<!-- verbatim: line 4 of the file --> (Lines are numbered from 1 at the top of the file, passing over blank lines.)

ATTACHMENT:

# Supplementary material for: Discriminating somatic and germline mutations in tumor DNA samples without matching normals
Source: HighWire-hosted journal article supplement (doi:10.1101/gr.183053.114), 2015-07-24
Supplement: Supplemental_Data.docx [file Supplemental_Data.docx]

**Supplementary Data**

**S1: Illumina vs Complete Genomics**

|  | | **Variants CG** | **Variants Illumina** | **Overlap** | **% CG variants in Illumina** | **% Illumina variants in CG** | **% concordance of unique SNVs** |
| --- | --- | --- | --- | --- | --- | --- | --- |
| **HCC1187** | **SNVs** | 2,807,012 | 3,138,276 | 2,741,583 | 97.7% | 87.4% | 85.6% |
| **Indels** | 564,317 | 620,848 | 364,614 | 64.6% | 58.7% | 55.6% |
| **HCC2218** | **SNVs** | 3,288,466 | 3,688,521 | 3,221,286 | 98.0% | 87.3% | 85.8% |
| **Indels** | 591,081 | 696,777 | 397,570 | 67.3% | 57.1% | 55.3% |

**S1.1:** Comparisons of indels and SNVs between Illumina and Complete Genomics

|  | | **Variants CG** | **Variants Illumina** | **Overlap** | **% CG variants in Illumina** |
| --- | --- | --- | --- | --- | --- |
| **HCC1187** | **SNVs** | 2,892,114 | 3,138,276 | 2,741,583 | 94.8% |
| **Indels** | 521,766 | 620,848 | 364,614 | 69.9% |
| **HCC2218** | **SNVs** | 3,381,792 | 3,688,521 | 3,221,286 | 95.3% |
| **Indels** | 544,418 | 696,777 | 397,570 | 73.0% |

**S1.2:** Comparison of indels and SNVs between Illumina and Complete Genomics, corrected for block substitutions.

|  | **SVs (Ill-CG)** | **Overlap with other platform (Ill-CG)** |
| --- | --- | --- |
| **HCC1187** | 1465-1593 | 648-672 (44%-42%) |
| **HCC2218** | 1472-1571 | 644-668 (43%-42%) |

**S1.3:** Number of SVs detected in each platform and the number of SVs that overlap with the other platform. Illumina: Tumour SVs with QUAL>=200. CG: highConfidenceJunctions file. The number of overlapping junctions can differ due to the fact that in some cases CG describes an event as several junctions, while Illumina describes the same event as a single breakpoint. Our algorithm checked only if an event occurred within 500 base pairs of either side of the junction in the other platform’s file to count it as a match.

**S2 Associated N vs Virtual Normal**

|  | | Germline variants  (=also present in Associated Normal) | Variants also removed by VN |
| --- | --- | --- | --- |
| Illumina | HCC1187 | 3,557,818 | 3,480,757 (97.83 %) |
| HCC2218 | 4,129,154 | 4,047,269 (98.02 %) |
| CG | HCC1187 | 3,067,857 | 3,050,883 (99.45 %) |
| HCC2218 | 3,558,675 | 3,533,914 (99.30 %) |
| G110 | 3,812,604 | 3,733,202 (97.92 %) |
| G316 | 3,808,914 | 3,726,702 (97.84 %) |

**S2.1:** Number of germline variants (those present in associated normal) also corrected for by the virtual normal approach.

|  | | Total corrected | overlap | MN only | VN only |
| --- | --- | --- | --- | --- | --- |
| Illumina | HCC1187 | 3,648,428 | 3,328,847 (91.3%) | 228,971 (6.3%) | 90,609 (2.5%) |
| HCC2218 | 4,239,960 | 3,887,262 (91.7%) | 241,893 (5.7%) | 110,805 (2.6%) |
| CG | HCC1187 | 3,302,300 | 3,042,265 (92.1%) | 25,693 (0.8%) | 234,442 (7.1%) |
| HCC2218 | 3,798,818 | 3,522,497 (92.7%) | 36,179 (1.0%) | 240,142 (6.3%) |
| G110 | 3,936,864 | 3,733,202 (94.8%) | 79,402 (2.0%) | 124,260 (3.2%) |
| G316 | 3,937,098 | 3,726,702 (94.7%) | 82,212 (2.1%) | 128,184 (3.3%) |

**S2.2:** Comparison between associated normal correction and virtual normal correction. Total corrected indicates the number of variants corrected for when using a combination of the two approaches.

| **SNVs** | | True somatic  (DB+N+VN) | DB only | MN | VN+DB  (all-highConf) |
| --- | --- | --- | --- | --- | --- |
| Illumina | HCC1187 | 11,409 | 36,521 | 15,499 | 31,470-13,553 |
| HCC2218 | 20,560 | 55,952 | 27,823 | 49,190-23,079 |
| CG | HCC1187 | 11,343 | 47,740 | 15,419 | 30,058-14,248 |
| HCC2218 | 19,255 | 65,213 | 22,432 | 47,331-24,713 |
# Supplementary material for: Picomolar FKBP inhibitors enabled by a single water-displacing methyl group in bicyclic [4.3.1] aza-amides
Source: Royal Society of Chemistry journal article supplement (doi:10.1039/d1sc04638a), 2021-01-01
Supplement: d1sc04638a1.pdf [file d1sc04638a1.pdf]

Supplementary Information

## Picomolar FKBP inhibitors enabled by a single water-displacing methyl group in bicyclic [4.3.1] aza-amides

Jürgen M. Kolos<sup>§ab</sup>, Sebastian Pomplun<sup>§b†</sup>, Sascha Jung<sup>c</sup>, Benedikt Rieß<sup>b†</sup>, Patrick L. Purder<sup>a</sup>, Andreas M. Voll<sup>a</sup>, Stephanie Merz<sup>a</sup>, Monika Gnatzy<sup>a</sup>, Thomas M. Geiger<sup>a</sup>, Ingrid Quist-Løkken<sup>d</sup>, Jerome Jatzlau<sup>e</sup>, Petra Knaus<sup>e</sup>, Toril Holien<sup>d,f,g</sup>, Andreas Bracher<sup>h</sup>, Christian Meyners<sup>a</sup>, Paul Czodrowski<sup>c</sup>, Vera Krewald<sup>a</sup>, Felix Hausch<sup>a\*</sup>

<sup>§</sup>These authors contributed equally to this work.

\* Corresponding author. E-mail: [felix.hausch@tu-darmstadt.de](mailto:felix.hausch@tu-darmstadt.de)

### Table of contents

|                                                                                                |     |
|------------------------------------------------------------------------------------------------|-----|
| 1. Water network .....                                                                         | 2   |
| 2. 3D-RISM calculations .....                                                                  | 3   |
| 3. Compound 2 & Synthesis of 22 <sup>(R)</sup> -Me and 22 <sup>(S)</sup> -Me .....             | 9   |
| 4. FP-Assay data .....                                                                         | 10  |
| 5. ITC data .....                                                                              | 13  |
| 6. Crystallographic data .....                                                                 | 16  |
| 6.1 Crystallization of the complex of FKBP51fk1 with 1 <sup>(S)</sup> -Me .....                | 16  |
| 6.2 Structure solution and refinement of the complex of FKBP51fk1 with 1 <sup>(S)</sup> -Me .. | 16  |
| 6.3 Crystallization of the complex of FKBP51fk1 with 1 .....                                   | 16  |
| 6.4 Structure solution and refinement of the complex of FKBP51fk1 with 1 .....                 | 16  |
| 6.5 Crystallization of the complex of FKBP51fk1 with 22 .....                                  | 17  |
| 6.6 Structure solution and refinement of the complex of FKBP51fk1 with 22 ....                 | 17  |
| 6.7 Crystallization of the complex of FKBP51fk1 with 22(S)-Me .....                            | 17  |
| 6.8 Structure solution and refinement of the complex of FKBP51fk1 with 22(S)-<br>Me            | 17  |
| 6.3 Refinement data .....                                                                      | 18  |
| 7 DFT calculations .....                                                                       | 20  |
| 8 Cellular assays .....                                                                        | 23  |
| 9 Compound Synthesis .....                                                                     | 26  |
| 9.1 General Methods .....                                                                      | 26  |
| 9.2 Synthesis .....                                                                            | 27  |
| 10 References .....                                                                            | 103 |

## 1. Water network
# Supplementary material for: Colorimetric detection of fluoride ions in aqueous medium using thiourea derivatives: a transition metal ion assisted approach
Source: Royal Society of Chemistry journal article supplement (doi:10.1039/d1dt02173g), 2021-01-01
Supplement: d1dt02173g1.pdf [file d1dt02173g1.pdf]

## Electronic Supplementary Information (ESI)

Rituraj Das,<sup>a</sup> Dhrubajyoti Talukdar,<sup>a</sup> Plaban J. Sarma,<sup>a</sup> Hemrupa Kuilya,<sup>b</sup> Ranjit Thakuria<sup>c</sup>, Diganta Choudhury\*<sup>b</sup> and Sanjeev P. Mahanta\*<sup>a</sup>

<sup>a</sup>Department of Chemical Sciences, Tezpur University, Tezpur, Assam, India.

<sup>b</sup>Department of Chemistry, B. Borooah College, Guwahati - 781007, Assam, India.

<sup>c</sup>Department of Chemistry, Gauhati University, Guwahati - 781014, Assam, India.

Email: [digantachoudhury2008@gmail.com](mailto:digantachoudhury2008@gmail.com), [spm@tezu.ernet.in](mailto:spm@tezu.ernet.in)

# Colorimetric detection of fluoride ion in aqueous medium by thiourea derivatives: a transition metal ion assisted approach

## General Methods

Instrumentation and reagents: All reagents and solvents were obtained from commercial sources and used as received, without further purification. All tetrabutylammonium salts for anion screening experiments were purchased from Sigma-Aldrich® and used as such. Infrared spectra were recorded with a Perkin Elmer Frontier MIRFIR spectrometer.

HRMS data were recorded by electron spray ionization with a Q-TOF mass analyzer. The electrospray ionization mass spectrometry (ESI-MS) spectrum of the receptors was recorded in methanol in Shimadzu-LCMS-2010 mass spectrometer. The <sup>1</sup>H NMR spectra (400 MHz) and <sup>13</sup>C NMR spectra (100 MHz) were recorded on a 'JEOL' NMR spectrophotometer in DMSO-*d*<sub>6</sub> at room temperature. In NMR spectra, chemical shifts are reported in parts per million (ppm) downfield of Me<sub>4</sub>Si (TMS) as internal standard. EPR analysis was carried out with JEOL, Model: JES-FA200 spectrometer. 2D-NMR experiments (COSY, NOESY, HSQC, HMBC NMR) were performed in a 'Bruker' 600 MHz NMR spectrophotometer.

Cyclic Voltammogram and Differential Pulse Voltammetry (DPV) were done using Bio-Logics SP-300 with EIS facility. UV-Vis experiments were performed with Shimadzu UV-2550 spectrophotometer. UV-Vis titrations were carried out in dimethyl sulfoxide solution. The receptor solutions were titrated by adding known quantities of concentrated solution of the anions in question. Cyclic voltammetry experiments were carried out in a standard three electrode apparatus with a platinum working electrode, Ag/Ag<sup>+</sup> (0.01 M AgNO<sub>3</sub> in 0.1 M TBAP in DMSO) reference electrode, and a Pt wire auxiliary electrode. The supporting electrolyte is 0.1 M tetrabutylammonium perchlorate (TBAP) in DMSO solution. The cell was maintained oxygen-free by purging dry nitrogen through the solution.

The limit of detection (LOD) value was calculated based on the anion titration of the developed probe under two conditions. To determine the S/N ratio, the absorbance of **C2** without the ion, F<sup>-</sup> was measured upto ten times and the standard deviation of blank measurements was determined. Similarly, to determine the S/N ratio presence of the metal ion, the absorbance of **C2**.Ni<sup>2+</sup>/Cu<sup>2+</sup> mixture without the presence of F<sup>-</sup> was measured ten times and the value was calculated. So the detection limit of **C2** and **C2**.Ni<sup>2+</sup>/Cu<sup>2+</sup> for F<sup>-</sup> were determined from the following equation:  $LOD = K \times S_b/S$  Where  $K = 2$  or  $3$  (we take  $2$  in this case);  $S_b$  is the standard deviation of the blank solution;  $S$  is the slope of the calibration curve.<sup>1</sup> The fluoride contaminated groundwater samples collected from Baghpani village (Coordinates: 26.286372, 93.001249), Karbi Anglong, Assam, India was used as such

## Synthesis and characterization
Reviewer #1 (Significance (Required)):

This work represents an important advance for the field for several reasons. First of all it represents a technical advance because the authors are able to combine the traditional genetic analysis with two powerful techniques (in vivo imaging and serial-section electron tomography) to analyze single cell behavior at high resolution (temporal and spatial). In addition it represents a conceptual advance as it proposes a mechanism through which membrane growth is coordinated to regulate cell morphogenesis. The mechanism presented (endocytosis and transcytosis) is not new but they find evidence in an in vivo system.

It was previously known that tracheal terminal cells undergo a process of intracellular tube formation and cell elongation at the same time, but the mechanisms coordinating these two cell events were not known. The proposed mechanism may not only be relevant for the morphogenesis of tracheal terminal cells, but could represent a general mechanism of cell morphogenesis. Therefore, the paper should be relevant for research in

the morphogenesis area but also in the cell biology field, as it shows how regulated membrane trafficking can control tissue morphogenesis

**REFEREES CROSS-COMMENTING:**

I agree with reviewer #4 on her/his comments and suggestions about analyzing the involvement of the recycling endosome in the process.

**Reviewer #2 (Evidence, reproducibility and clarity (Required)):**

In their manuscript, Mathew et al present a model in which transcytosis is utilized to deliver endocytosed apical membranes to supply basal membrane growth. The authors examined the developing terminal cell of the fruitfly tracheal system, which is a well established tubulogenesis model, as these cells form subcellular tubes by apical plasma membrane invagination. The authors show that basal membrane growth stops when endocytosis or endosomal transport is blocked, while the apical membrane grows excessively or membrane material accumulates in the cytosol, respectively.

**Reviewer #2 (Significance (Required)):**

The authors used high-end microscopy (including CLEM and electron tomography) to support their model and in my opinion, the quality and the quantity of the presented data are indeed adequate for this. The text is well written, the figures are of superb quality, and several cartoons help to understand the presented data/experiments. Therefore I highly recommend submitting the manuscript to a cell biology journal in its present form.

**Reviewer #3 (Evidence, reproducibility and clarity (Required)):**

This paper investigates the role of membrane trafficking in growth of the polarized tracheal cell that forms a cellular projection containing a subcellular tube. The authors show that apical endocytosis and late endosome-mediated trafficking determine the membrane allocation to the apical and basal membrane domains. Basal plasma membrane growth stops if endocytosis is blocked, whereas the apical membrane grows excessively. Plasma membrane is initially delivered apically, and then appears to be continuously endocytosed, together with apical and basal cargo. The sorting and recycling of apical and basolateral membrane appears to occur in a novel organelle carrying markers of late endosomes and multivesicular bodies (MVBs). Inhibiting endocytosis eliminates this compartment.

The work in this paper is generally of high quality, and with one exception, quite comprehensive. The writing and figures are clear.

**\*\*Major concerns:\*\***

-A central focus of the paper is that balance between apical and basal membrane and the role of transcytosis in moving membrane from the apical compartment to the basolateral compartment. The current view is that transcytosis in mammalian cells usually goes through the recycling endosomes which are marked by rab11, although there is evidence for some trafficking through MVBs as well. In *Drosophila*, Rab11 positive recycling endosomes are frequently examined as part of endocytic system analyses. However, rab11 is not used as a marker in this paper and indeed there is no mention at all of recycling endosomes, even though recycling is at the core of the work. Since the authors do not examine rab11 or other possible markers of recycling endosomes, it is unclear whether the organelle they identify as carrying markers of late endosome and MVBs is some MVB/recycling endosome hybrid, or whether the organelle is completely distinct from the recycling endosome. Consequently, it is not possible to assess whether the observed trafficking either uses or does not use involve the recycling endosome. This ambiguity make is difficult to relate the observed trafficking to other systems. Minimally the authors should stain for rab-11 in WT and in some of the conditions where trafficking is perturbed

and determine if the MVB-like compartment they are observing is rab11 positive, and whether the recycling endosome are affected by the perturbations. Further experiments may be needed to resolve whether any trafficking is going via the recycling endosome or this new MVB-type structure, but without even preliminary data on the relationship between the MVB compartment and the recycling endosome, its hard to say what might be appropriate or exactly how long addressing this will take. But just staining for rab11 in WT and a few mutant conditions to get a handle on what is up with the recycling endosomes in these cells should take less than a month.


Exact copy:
**Supplementary Data**